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Tuesday, June 8,2010

Apple reveals new iPhone: faster, smarter, thinner

By McClatchy-Tribune News Service

SAN FRANCISCO — Apple CEO Steve Jobs' unveiling Monday of the next-generation iPhone — it's thinner, has a higher-resolution display and comes with video chat — may have lacked a single "Wow!" moment. But coupled with the launch of a new operating system and mobile advertising service, the message to competitors was unambiguous: Catch us if you can.

The stainless-steel-and-glass mobile device is nearly 25 percent thinner than its predecessor and runs on the company's in-house A4 chip, the speedy and power-sipping processor at the heart of the iPad. It gives the iPhone 4 longer battery life, including 40 percent more talk time.

Talk time will increase from five hours to seven hours per charge, Jobs said. Additionally, the iPhone 4 is promised to have six hours of browsing across the 3G network, 10 hours of browsing over a Wi-Fi network, 40 hours of music playing, 10 hours of video play back and 300 hours on standby before the device needs to be plugged in for a new charge.

Jobs, who has declared the end of the era of the personal computer that he helped pioneer, presented the iPhone as part of a new computing platform running on the iPhone operating system, iOS, to thousands of independent software writers attending Apple's annual Worldwide Developers Conference at San Francisco's Moscone Center.

Apple, he told the packed auditorium, is close to selling its 100 millionth device using the iOS operating system, which is installed in the iPhone, iPod touch and iPad. He said the Cupertino, Calif., company last week crossed the 5 billion app download line — a milestone that means money in their pockets. Jobs was particularly delighted to announce the company has paid out more than $1 billion to developers selling their software on the App Store, which ultimately drives more consumers to Apple's products.

"No one even comes close to us," the Apple co-founder said.

The iPhone 4 shows that Apple, which redefined the smart-phone industry, intends to maintain its momentum.

"It blows the competition away," said Bart Decrem, CEO of Tapulous, a game developer. "We got the iPad, iOS and now we have the iPhone 4 and iAds. The overall innovation is remarkable."

Apple's engineers were able to use a larger battery by doing things like wrapping the Wi-Fi and 3G antenna on the silver outer ring of the device, Greg Joswiak, Apple's iPod and iPhone marketing director, said in an interview after the presentation.

The new device and operating system, he added, "are years beyond what anybody else has."

Jobs, comparing the new iPhone to a finely crafted Leica camera, put it this way: "This is beyond doubt one of the most precise, beautiful things we've ever made."

Two websites, each claiming to have obtained next-generation iPhones prototypes, already had disclosed some of the innovations Apple announced Monday, including a front-facing camera for video calls, a higher-resolution screen and a more svelte body. Nonetheless, analysts were impressed.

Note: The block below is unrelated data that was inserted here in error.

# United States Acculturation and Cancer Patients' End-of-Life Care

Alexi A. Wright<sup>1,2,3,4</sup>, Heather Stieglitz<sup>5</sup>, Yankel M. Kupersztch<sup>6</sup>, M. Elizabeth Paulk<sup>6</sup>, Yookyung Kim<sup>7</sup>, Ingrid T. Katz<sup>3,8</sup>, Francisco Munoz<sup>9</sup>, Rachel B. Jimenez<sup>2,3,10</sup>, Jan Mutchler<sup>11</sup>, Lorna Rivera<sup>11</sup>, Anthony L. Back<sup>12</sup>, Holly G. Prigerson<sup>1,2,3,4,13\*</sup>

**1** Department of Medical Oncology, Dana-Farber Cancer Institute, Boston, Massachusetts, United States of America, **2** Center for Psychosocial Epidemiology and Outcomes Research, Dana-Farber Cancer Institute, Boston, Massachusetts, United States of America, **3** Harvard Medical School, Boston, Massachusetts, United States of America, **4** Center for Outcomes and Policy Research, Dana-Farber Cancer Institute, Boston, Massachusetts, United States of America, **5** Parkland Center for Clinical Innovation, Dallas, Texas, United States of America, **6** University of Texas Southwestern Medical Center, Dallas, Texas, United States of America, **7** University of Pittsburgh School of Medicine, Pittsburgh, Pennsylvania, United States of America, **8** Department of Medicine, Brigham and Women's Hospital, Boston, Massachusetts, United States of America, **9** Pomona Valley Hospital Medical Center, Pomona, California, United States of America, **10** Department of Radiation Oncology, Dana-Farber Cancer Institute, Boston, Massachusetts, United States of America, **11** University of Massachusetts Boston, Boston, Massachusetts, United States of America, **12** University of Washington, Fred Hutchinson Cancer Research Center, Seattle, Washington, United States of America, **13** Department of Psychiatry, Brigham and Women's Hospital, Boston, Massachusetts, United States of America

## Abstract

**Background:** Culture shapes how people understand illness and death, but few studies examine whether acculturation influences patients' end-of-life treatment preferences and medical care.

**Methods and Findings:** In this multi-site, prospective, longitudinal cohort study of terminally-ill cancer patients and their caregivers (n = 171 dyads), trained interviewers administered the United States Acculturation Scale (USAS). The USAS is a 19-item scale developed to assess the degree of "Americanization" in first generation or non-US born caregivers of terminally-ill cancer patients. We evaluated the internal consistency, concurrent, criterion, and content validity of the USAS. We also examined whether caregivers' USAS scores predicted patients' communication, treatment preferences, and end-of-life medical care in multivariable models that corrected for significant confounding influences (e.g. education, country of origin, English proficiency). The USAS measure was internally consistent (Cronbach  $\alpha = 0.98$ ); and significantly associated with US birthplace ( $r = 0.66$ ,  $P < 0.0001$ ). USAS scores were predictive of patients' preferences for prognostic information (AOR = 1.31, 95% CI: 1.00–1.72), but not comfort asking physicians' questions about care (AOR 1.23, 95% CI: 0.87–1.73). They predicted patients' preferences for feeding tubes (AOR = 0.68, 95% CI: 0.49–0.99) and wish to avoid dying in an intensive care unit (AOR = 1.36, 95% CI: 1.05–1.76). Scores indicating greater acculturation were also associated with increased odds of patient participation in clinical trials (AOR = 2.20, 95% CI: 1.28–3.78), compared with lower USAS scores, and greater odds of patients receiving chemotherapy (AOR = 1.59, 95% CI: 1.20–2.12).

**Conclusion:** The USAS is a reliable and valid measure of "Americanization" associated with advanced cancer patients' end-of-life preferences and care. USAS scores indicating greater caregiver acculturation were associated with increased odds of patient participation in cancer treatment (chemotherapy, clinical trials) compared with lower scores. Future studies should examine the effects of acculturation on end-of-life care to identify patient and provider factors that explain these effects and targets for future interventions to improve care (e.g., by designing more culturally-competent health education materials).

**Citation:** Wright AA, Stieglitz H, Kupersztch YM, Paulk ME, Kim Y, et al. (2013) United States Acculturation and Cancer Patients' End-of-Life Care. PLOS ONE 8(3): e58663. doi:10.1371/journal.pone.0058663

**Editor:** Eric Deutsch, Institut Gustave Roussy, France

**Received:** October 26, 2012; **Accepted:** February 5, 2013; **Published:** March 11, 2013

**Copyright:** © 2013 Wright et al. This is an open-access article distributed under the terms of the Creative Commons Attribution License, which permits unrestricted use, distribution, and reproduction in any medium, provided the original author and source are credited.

"Apple is showing us the direction (the tech world) is going," said Ben Bajarin, director of consumer technology at Creative Strategies.

Some say "Apple fatigue" has hit the blogosphere as the company battles former allies Google and Adobe Systems, whose Flash video technology is barred from the iPhone platform, and as software developers complain about the rigorous and opaque approval process for the App Store. The Android operating system, meanwhile, is gaining ground on Apple in market share: In the first quarter of 2010, Android, which runs on a number of devices and carriers, ranked second in the North American smart-phone market — with 26.6 percent, up from 4.7 percent a year earlier — behind leader Research In Motion's BlackBerry, according to Gartner. Apple had 22.1 percent, up from 17.9 percent the previous year.

But the industry "is still chasing Apple," said Michael Gartenberg, a partner at the Altimeter Group. He said Apple's success has occurred despite its sole U.S. carrier partnership with AT&T, whose network is plagued with dropped calls and is often the butt of derision by iPhone users. Jobs gave developers "100 million reasons" to stay in the iPhone universe, the analyst added. "This is the next-generation platform."

Apple is expected to eventually hook up with Verizon, perhaps as early as this fall.

Even when a glitch occurred during Jobs' presentation — he could not get a network connection to demo the iPhone 4 — it served only to underscore the company's place atop the tech world: The problem arose because bloggers, reporters and analysts were jamming the network by running their laptops off 570 Wi-Fi base stations so they could instantly report his every utterance.

"You know you could help me out; if you are on Wi-Fi, if you could just get off," Jobs said to titters in the audience.

He showed off the high-resolution display, an improved camera system with HD video capabilities and a new Apple-made video app, iMovie, which lets users edit and share video.

In his "one more thing" moment, Jobs unveiled video chats in a video call with star Apple designer Jony Ive. "I grew up with 'The Jetsons.' And I dreamed about this," Jobs said during the call.


(c) 2010, San Jose Mercury News (San Jose, Calif.).

Visit MercuryNews.com, the World Wide Web site of the Mercury News, at http://www.mercurynews.com.

Distributed by McClatchy-Tribune Information Services.

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